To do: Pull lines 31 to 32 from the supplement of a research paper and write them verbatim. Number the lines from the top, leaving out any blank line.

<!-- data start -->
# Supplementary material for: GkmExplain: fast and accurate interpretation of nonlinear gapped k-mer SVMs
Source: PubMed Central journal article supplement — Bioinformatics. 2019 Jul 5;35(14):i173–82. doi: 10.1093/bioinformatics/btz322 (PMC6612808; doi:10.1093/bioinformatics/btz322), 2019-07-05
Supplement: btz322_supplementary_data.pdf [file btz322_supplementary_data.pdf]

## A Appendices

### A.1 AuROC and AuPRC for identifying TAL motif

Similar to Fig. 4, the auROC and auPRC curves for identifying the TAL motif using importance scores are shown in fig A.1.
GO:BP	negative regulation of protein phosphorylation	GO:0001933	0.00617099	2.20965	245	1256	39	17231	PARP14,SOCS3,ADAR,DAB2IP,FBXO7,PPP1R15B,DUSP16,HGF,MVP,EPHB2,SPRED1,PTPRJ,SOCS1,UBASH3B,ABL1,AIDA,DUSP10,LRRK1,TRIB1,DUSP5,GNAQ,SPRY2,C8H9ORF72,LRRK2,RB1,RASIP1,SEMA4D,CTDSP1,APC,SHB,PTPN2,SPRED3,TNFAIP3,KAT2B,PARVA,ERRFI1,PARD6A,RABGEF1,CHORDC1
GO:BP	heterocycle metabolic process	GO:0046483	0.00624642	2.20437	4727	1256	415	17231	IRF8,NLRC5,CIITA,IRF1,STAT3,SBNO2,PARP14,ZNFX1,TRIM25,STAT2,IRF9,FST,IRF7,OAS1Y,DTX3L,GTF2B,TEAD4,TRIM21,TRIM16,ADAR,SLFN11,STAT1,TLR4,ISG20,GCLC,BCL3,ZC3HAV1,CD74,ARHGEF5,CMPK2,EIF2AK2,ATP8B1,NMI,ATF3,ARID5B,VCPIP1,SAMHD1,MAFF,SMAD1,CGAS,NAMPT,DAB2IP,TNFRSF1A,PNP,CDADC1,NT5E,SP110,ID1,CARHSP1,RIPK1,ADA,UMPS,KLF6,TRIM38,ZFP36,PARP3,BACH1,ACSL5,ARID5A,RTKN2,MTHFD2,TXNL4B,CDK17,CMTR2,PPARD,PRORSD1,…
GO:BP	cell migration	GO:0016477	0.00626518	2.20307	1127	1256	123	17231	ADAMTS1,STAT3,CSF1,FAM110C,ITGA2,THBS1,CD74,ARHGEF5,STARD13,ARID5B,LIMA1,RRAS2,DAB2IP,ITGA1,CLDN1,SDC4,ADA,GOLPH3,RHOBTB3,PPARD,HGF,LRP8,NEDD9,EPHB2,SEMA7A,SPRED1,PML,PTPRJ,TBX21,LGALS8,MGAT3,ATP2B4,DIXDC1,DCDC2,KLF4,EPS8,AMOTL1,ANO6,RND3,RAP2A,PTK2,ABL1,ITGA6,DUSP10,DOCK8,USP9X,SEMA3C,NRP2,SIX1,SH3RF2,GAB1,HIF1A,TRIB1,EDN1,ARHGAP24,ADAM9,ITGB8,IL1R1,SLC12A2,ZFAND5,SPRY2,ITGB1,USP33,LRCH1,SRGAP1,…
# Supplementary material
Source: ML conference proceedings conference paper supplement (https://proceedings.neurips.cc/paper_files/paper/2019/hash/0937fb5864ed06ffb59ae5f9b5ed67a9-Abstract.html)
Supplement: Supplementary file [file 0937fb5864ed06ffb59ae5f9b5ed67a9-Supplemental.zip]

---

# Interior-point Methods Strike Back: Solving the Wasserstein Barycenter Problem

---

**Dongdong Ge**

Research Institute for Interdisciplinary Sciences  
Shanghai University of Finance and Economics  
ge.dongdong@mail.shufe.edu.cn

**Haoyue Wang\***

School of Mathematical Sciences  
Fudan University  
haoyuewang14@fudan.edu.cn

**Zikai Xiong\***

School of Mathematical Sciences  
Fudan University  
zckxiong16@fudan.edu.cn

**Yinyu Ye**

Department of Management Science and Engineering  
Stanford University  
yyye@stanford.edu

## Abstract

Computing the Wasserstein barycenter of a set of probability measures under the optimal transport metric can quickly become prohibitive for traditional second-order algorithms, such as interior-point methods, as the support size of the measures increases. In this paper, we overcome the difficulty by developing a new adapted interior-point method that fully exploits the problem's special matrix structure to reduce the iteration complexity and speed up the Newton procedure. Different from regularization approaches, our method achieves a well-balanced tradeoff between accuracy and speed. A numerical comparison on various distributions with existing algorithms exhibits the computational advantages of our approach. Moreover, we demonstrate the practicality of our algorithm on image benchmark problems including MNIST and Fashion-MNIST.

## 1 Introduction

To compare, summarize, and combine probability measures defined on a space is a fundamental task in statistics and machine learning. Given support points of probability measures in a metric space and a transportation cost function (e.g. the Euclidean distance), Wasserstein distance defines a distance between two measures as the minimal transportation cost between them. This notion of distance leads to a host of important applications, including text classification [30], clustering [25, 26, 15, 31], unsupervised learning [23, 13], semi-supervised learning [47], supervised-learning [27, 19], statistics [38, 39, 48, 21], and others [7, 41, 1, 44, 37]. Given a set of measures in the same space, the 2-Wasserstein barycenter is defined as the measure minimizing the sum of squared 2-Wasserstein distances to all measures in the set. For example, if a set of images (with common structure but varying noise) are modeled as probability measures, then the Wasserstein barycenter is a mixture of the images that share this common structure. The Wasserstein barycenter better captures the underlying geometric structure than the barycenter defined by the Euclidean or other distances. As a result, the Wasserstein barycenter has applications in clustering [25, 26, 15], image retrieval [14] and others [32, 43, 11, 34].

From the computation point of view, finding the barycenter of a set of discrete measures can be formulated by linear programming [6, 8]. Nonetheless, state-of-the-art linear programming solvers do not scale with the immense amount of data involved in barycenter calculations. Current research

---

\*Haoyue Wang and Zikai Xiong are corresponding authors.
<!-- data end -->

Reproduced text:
yyye@stanford.edu

## Abstract